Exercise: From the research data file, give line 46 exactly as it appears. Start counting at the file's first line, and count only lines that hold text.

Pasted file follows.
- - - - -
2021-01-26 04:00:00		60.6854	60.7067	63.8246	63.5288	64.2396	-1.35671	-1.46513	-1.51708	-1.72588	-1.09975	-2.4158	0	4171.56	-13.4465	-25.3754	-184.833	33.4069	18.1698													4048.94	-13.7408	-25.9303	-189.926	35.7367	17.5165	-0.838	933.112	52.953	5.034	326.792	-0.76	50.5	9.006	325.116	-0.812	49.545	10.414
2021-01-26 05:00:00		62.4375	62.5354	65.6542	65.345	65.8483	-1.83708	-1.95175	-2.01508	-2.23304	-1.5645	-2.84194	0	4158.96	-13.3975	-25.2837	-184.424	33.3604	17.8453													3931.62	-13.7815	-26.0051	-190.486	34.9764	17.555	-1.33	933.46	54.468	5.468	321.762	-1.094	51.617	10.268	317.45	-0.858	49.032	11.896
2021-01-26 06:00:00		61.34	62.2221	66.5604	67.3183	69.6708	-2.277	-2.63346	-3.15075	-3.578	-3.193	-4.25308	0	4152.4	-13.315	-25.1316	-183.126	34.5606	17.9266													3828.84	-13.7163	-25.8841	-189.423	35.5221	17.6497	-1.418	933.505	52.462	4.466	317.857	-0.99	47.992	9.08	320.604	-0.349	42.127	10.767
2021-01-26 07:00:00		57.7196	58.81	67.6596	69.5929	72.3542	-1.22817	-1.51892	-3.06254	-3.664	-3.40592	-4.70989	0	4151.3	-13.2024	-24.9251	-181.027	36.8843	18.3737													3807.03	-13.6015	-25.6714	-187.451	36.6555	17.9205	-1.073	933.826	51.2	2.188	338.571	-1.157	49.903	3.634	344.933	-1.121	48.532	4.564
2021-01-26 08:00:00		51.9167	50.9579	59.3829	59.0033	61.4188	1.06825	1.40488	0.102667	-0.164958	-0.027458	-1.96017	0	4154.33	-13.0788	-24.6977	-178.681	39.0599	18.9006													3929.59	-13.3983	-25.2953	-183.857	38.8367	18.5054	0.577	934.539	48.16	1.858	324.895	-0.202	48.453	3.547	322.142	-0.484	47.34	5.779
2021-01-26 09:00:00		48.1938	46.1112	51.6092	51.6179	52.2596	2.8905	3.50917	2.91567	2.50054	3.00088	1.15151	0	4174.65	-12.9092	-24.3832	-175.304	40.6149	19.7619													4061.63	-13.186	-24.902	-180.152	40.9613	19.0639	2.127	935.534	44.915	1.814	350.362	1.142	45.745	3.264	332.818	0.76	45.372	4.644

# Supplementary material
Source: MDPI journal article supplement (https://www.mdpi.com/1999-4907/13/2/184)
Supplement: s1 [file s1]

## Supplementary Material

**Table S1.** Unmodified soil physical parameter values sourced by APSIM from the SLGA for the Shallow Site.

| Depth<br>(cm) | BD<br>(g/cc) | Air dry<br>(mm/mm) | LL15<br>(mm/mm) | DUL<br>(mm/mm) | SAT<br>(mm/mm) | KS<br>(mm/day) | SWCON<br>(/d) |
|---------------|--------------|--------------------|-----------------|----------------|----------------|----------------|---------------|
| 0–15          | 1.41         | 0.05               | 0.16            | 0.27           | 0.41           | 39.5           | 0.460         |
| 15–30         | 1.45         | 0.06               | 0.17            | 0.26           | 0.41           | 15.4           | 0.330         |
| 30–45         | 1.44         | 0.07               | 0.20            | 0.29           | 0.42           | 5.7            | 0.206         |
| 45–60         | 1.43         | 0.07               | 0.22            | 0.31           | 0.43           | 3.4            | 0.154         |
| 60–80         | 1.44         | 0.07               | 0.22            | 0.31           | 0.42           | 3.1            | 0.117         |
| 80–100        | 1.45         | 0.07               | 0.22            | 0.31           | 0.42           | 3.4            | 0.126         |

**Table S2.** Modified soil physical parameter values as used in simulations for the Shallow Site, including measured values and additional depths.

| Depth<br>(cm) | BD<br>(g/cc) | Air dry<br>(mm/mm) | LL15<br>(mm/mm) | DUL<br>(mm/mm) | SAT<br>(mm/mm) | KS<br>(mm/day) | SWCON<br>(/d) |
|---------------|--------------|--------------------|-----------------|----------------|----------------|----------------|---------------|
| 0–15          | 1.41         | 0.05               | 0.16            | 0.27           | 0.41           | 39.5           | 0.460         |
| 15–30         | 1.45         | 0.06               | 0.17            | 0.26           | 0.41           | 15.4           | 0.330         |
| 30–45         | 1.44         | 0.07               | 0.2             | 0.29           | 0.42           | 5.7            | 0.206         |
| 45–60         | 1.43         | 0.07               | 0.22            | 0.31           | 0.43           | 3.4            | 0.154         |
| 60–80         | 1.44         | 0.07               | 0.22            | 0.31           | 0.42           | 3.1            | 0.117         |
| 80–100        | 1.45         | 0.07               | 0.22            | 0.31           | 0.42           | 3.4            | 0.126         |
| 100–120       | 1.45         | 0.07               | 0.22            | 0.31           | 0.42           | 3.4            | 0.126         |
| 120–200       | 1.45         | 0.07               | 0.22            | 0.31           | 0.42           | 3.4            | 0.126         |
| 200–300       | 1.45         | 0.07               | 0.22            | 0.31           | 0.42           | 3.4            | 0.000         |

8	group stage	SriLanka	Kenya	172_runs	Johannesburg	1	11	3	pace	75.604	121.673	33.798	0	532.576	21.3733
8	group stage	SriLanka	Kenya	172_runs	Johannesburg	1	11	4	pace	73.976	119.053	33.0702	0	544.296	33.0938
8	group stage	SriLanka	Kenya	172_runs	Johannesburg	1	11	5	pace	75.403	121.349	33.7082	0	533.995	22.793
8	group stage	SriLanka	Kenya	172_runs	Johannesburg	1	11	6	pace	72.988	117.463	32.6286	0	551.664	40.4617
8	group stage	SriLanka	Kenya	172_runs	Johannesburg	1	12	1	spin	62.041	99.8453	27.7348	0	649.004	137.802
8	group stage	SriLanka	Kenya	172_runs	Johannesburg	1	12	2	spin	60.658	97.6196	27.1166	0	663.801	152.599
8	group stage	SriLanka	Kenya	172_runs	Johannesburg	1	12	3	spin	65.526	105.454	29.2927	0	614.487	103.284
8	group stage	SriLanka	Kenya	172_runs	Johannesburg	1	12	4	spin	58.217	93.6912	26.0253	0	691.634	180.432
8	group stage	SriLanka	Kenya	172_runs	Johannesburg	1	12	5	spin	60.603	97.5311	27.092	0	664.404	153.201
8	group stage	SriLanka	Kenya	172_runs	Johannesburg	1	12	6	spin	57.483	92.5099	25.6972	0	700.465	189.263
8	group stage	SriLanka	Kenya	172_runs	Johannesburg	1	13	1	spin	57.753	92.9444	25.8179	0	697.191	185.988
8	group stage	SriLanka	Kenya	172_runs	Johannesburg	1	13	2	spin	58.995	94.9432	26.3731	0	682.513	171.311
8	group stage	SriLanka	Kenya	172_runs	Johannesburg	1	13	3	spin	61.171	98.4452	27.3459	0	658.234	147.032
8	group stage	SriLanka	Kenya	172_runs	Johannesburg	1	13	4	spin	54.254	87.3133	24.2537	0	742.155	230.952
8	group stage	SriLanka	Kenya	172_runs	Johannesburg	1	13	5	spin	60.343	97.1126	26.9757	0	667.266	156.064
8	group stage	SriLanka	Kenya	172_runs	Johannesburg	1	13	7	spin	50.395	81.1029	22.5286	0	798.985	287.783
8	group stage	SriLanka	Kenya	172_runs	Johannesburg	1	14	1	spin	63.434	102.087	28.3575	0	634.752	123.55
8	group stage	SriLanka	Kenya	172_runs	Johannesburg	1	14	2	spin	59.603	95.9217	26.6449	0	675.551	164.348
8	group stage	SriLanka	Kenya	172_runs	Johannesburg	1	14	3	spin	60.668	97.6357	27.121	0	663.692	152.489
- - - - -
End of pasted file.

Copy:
8	group stage	SriLanka	Kenya	172_runs	Johannesburg	1	13	5	spin	60.343	97.1126	26.9757	0	667.266	156.064